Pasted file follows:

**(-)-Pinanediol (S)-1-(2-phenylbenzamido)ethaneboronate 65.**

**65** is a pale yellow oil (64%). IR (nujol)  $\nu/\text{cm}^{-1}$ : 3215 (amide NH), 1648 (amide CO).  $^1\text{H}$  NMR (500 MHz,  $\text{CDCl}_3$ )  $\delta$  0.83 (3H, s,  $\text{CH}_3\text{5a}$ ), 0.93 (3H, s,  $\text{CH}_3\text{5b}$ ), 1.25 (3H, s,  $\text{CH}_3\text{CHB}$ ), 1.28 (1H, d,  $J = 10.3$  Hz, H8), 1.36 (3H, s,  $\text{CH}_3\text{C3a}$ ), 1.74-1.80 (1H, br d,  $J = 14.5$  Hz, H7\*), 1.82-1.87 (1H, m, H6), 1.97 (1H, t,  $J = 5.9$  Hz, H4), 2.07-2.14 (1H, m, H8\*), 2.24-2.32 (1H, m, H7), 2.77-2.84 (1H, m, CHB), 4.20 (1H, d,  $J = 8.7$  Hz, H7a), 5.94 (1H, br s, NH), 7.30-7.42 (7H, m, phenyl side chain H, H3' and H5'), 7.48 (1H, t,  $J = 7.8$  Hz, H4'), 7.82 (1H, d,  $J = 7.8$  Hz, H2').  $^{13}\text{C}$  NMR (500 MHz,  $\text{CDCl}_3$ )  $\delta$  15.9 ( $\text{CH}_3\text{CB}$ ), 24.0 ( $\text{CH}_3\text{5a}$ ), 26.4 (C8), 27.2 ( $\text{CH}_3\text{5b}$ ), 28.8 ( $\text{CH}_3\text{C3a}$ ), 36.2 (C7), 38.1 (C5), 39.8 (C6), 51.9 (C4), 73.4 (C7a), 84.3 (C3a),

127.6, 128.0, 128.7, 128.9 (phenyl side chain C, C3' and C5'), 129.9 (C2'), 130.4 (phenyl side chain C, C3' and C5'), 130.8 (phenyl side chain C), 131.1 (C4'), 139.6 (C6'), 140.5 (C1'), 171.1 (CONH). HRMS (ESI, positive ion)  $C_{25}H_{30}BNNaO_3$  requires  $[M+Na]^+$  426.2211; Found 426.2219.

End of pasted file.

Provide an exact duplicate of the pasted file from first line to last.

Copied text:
**(-)-Pinanediol (S)-1-(2-phenylbenzamido)ethaneboronate 65.**

**65** is a pale yellow oil (64%). IR (nujol)  $\nu/\text{cm}^{-1}$ : 3215 (amide NH), 1648 (amide CO).  $^1\text{H}$  NMR (500 MHz,  $\text{CDCl}_3$ )  $\delta$  0.83 (3H, s,  $\text{CH}_3\text{5a}$ ), 0.93 (3H, s,  $\text{CH}_3\text{5b}$ ), 1.25 (3H, s,  $\text{CH}_3\text{CHB}$ ), 1.28 (1H, d,  $J = 10.3$  Hz, H8), 1.36 (3H, s,  $\text{CH}_3\text{C3a}$ ), 1.74-1.80 (1H, br d,  $J = 14.5$  Hz, H7\*), 1.82-1.87 (1H, m, H6), 1.97 (1H, t,  $J = 5.9$  Hz, H4), 2.07-2.14 (1H, m, H8\*), 2.24-2.32 (1H, m, H7), 2.77-2.84 (1H, m, CHB), 4.20 (1H, d,  $J = 8.7$  Hz, H7a), 5.94 (1H, br s, NH), 7.30-7.42 (7H, m, phenyl side chain H, H3' and H5'), 7.48 (1H, t,  $J = 7.8$  Hz, H4'), 7.82 (1H, d,  $J = 7.8$  Hz, H2').  $^{13}\text{C}$  NMR (500 MHz,  $\text{CDCl}_3$ )  $\delta$  15.9 ( $\text{CH}_3\text{CB}$ ), 24.0 ( $\text{CH}_3\text{5a}$ ), 26.4 (C8), 27.2 ( $\text{CH}_3\text{5b}$ ), 28.8 ( $\text{CH}_3\text{C3a}$ ), 36.2 (C7), 38.1 (C5), 39.8 (C6), 51.9 (C4), 73.4 (C7a), 84.3 (C3a),

127.6, 128.0, 128.7, 128.9 (phenyl side chain C, C3' and C5'), 129.9 (C2'), 130.4 (phenyl side chain C, C3' and C5'), 130.8 (phenyl side chain C), 131.1 (C4'), 139.6 (C6'), 140.5 (C1'), 171.1 (CONH). HRMS (ESI, positive ion)  $C_{25}H_{30}BNNaO_3$  requires  $[M+Na]^+$  426.2211; Found 426.2219.